8. “Down Payment Blues”
(Powerage, 1978)

This is one of the best songs off Powerage -- perhaps the high point of Bon Scott as a lyricist -- but also significant for its connection to “Back in Black”. There are key lines in it: Sitting in my Cadillac / Listening to my radio / Suzy baby get on in / Tell me where she wanna go / I'm living in a nightmare / She's looking like a wet dream / I got myself a Cadillac / But I can't afford the gasoline.

Bon loved writing about Cadillacs. He mentions them in “Rocker” off the Australian version of TNT and the international release of Dirty Deeds Done Dirt Cheap: Got slicked black hair / Skin tight jeans / Cadillac car and a teenage dream.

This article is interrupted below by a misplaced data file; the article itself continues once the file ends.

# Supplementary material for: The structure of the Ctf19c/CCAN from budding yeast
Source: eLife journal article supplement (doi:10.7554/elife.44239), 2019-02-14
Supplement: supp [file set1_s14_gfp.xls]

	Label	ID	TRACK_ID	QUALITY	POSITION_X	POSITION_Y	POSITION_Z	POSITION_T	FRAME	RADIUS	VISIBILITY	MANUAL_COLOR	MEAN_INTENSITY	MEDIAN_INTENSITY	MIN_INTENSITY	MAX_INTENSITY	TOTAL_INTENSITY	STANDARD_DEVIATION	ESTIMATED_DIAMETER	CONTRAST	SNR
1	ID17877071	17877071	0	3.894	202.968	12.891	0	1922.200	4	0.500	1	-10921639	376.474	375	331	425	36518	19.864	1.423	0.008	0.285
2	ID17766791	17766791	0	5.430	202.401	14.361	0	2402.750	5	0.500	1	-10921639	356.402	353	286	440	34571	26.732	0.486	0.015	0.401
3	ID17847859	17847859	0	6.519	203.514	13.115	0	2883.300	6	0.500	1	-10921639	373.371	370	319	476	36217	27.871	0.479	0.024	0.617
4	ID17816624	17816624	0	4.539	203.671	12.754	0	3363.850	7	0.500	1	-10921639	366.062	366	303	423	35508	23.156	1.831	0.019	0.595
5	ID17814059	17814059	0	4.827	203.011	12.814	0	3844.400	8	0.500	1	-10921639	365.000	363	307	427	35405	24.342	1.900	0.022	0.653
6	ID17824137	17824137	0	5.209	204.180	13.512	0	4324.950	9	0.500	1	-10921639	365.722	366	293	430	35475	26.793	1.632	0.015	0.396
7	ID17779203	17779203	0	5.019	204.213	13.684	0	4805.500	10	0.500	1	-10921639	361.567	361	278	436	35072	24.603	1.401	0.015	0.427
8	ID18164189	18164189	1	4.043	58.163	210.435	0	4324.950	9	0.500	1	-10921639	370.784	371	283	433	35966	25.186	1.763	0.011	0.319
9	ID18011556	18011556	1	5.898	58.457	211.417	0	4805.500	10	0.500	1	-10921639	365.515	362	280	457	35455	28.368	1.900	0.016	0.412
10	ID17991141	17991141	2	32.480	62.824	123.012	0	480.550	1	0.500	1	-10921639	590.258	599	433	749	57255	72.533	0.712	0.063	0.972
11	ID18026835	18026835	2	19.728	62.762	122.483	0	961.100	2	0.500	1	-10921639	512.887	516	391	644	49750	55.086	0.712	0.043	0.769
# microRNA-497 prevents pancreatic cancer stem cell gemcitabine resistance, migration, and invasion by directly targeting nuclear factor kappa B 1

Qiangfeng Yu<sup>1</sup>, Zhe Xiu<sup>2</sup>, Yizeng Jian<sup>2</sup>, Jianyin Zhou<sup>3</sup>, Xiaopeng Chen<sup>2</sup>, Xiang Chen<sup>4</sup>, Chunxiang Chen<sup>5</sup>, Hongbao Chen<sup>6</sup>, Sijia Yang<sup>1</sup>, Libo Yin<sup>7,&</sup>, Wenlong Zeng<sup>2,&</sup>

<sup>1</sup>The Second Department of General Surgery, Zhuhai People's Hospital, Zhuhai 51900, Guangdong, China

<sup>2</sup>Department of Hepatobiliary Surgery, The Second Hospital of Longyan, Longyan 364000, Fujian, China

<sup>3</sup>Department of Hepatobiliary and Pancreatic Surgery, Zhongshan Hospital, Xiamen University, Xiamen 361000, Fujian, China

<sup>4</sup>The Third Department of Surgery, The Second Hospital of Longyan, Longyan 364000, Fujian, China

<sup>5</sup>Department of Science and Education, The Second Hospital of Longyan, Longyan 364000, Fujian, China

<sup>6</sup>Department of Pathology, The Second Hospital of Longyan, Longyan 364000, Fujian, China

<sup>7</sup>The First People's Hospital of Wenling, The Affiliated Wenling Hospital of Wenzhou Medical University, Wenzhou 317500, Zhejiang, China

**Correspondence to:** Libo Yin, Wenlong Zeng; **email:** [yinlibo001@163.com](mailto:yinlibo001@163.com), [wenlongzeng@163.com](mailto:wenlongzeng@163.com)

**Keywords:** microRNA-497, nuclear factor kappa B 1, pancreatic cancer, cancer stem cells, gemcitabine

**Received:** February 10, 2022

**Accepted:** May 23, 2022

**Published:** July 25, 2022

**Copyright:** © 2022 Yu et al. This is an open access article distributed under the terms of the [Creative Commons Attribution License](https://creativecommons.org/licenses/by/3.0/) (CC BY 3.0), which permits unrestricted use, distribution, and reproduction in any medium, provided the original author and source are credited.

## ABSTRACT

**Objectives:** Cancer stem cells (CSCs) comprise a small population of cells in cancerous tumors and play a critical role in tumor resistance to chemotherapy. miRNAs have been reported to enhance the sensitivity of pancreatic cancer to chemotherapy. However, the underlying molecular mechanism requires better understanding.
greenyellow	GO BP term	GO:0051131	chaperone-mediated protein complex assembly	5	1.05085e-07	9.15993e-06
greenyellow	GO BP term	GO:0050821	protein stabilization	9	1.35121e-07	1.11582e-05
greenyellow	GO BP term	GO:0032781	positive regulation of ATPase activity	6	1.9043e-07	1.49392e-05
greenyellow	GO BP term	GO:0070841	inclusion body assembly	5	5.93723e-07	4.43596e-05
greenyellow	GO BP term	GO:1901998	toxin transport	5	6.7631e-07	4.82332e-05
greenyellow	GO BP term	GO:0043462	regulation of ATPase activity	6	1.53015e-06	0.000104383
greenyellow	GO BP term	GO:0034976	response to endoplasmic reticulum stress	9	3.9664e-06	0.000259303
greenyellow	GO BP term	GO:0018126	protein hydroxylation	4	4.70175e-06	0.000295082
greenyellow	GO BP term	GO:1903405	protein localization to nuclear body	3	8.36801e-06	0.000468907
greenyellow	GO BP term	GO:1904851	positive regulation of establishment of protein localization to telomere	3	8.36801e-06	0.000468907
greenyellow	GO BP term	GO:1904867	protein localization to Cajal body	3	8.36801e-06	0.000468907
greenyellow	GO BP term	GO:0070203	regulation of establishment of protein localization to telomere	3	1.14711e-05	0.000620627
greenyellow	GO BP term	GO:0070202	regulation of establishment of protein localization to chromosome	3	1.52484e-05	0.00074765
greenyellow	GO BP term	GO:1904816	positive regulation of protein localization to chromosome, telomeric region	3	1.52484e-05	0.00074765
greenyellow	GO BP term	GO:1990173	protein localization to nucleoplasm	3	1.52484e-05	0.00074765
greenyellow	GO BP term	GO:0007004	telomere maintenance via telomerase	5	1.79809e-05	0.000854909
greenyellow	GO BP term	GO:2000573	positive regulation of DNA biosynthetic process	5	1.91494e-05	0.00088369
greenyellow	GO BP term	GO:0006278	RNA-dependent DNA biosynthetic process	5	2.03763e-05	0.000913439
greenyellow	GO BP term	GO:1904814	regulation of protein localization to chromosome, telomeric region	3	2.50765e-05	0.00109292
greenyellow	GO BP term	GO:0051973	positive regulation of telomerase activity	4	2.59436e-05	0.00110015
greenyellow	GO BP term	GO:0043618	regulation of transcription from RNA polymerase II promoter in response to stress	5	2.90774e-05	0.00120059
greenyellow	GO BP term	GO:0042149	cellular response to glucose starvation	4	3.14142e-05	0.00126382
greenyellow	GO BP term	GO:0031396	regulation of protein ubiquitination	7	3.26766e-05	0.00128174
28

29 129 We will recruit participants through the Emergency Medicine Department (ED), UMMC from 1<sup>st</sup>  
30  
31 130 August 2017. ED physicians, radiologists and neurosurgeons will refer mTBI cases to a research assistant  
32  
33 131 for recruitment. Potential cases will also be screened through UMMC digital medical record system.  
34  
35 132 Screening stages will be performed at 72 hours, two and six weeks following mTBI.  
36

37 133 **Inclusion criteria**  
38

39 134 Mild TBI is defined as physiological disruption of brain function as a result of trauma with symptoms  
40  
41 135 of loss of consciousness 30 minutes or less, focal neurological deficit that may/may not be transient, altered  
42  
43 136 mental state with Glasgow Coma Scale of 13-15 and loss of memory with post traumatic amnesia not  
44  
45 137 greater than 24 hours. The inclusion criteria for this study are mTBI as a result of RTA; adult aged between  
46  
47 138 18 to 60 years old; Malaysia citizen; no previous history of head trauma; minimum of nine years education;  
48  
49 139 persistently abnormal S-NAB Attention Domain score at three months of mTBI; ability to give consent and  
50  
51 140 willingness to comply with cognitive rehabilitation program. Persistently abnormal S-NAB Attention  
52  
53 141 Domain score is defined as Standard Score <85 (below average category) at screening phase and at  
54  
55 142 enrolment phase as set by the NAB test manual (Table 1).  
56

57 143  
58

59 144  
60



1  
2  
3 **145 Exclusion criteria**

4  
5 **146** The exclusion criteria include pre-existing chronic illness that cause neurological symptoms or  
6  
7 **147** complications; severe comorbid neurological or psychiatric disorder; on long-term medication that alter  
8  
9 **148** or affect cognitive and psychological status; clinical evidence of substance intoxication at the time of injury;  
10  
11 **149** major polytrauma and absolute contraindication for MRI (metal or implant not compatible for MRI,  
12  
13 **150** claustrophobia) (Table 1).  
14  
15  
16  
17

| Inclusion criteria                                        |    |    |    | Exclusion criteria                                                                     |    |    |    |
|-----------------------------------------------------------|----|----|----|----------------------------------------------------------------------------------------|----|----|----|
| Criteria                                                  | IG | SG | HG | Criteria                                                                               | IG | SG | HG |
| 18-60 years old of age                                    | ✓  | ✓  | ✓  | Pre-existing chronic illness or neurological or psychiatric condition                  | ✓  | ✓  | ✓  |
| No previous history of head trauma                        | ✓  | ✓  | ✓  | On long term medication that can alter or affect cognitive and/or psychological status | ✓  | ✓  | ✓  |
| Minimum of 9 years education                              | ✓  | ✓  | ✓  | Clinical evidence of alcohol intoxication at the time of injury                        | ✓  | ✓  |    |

Then you get to “Back in Black”. Bon’s dead but the lyrics have this spooky connection to “Down Payment Blues”: Back in the back / Of a Cadillac / Number one with a bullet, I’m a power pack.

Why was Brian singing about riding around in Cadillacs? He’d just joined AC/DC, wasn’t earning a lot and was on his best behavior. Bon had a reason to be singing about money. He was writing all the songs and just had a breakthrough album with Highway to Hell. Which begs the question: Could Bon also have written or part written the lyrics to “Back in Black”?

Bon’s late mother Isa said in 2006: “The last time we saw him was Christmas ’79, two months before he died. [Bon] told me he was working on the Back in Black album and that that was going to be it; that he was going to be a millionaire.”

7. “You Shook Me All Night Long”
(Back in Black, 1980)

Everyone knows and loves this song; it’s played everywhere. Shania Twain and Celine Dion have covered it. It’s one of AC/DC’s standbys. But who wrote it?